• Residents and staff working in elderly care homes
  • Everyone over 80 years old plus health and social care workers
  • Everyone over 75 years old
  • Everyone over 70 years old plus “clinically extremely vulnerable” individuals, which does not include pregnant people or those under the age of 18. 
  • Everyone over 65 years old
  • Adults aged 18 to 65 years in an at-risk group. This includes people with chronic diseases, diabetes, learning difficulties, morbid obesity or severe mental illness.  
  • Everyone over 60 years old
  • Everyone over 55 years old
  • Everyone over 50 years old

The JCVI has publicly explained its thinking in a 25-page document stating that “current evidence strongly indicates that the single greatest risk of mortality from covid-19 is increasing age.” It has not yet announced plans beyond phase one.


Russia: Russia became the first country anywhere to approve a vaccine back in August 2020. President Vladimir Putin himself announced its Sputnik V vaccine had been granted authorization on August 11, before phase 3 trials had even started. Those are still underway, but the country is already preparing to start mass immunizations, with Putin ordering officials to start making the necessary preparations just hours after the news of the UK’s approval came in. Vaccinations will reportedly begin with healthcare workers and teachers. They will be free of charge, and the Kremlin says they will be carried out on a voluntary basis. Russia also says it will have up to 500 million doses ready for export. 
Other countries: The options are limited for many lower and middle income countries, since the world’s richest nations—including the 27 member-states of the EU as well as Canada, the United States, United Kingdom, Australia, and Japan—have already pre-ordered half of the world’s expected available supply. Ninety two of these countries have joined the Covax Facility, which has secured 700 million doses and aims to cover 20% of the population of lower and middle income countries by the end of 2021.

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3 ways the pandemic is transforming tech spending



Ever since the pandemic hit the U.S. in full force last March, the B2B tech community keeps asking the same questions: Are businesses spending more on technology? What’s the money getting spent on? Is the sales cycle faster? What trends will likely carry into 2021?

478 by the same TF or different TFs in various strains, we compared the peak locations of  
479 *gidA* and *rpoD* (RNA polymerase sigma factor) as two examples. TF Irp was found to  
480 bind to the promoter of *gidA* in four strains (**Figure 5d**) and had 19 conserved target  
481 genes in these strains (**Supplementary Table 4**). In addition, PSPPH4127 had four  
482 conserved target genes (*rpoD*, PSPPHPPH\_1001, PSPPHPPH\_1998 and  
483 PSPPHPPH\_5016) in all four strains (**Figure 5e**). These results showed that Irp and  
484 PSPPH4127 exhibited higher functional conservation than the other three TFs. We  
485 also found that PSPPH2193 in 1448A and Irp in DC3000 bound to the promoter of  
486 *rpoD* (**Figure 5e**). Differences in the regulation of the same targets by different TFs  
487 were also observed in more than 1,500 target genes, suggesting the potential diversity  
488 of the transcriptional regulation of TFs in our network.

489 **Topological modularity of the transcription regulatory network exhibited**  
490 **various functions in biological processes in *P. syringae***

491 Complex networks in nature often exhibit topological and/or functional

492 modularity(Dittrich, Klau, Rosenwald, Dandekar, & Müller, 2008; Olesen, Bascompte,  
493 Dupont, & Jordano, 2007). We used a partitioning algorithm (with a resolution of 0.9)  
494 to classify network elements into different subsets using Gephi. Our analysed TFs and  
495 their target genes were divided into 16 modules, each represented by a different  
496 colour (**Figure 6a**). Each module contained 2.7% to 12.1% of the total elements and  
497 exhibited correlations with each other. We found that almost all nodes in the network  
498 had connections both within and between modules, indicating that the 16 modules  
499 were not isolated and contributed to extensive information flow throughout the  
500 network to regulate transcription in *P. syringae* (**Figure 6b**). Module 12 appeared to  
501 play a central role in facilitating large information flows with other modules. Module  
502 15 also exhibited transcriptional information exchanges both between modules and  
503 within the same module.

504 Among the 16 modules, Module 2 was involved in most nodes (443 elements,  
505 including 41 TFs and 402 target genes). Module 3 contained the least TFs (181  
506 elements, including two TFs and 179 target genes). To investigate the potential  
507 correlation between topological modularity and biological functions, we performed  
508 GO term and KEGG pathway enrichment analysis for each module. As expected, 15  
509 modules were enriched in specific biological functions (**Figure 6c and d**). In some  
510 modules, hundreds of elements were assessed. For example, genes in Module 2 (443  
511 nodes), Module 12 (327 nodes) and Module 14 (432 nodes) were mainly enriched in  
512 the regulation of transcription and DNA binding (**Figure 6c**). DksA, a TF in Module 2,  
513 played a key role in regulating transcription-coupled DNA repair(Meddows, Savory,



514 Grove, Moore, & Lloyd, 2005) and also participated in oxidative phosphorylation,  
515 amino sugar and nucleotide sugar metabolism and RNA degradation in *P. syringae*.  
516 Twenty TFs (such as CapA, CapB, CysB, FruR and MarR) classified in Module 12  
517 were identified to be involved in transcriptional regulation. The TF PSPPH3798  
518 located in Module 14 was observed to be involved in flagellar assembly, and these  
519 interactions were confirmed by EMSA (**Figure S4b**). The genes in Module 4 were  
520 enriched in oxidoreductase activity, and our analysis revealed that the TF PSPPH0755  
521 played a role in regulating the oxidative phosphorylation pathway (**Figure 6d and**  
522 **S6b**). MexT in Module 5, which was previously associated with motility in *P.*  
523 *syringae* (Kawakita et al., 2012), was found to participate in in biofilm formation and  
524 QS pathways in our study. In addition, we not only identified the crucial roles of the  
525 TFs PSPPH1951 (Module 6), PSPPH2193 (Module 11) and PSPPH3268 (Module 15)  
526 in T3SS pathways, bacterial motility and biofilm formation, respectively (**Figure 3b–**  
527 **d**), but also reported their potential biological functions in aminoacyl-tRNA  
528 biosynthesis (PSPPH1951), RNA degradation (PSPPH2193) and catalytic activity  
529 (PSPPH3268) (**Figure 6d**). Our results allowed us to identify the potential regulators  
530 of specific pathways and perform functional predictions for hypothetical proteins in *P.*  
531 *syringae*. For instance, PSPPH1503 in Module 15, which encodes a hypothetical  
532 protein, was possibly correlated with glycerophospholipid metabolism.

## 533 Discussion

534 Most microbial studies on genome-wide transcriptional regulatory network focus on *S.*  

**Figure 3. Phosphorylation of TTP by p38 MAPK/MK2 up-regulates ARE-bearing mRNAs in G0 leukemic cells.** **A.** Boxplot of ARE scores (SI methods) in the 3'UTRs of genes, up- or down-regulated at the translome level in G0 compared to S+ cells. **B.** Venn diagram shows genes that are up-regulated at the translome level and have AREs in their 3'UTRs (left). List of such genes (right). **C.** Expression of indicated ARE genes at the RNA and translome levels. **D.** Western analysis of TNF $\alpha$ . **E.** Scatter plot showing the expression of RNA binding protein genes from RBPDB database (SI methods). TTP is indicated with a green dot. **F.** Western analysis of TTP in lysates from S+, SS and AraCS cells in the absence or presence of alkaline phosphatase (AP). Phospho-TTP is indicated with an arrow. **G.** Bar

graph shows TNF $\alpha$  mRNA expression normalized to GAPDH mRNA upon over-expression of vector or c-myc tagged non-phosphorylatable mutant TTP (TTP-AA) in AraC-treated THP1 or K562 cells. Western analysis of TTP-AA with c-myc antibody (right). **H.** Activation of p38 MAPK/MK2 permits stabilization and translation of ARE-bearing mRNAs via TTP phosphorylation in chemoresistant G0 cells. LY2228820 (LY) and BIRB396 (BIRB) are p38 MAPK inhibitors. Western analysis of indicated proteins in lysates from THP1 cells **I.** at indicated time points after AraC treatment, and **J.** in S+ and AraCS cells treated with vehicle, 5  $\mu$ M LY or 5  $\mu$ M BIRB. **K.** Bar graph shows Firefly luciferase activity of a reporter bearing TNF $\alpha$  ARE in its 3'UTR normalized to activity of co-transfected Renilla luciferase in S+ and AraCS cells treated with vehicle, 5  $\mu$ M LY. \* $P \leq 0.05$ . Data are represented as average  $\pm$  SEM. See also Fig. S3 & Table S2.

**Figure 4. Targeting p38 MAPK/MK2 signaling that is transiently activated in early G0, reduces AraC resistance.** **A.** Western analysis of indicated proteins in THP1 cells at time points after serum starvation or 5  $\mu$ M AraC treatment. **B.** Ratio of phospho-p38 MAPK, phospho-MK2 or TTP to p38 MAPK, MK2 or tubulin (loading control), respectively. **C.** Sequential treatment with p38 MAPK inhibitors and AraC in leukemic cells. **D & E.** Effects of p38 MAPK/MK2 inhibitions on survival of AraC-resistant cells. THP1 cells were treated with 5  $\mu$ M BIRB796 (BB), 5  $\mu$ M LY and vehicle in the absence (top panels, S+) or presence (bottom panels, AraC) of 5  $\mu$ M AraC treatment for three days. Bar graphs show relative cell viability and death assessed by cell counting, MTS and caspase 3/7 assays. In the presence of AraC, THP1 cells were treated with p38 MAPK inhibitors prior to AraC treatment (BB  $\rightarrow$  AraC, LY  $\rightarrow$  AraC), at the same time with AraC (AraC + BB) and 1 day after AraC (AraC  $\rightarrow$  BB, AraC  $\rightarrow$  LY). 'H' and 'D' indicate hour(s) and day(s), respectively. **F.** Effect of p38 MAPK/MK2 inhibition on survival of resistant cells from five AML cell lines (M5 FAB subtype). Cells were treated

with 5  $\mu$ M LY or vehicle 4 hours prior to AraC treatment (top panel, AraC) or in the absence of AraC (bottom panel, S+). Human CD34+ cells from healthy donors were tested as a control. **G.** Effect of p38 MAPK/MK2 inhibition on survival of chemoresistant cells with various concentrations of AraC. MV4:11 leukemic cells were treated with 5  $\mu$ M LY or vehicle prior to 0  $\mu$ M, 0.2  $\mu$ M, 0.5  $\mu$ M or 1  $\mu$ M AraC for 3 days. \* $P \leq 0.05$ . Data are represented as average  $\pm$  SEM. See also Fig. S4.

Recently we decided to join forces to answer these questions. We analyzed data from the just-released Q4 2020 Outlook of the Coupa Business Spend Index (BSI), a leading indicator of economic growth, in light of hundreds of conversations we have had with business-tech buyers this year.

A former Battery Ventures portfolio company, Coupa* is a business spend-management company that has cumulatively processed more than $2 trillion in business spending. This perspective gives Coupa unique, real-time insights into tech spending trends across multiple industries.

Tech spending is continuing despite the economic recession — which helps explain why many startups are raising large rounds and even tapping public markets for capital.

Broadly speaking, tech spending is continuing despite the economic recession — which helps explain why many tech startups are raising large financing rounds and even tapping the public markets for capital. Here are our three specific takeaways on current tech spending:

Spending is shifting away from remote collaboration to SaaS and cloud computing

Tech spending ranks among the hottest boardroom topics today. Decisions that used to be confined to the CIO’s organization are now operationally and strategically critical to the CEO. Multiple reasons drive this shift, but the pandemic has forced businesses to operate and engage with customers differently, almost overnight. Boards recognize that companies must change their business models and operations if they don’t want to become obsolete. The question on everyone’s mind is no longer “what are our technology investments?” but rather, “how fast can they happen?”

Spending on WFH/remote collaboration tools has largely run its course in the first wave of adaptation forced by the pandemic. Now we’re seeing a second wave of tech spending, in which enterprises adopt technology to make operations easier and simply keep their doors open.

SaaS solutions are replacing unsustainable manual processes. Consider Rhode Island’s decision to shift from in-person citizen surveying to using SurveyMonkey. Many companies are shifting their vendor payments to digital payments, ditching paper checks entirely. Utility provider PG&E is accelerating its digital transformation roadmap from five years to two years.

The second wave of adaptation has also pushed many companies to embrace the cloud, as this chart makes clear:

Similarly, the difficulty of maintaining a traditional data center during a pandemic has pushed many companies to finally shift to cloud infrastructure under COVID. As they migrate that workload to the cloud, the pie is still expanding. Goldman Sachs and Battery Ventures data suggest $600 billion worth of disruption potential will bleed into 2021 and beyond.

In addition to SaaS and cloud adoption, companies across sectors are spending on technologies to reduce their reliance on humans. For instance, Tyson Foods is investing in and accelerating the adoption of automated technology to process poultry, pork and beef.

All companies are digital product companies now

Mention “digital product company” in the past, and we’d all think of Netflix. But now every company has to reimagine itself as offering digital products in a meaningful way.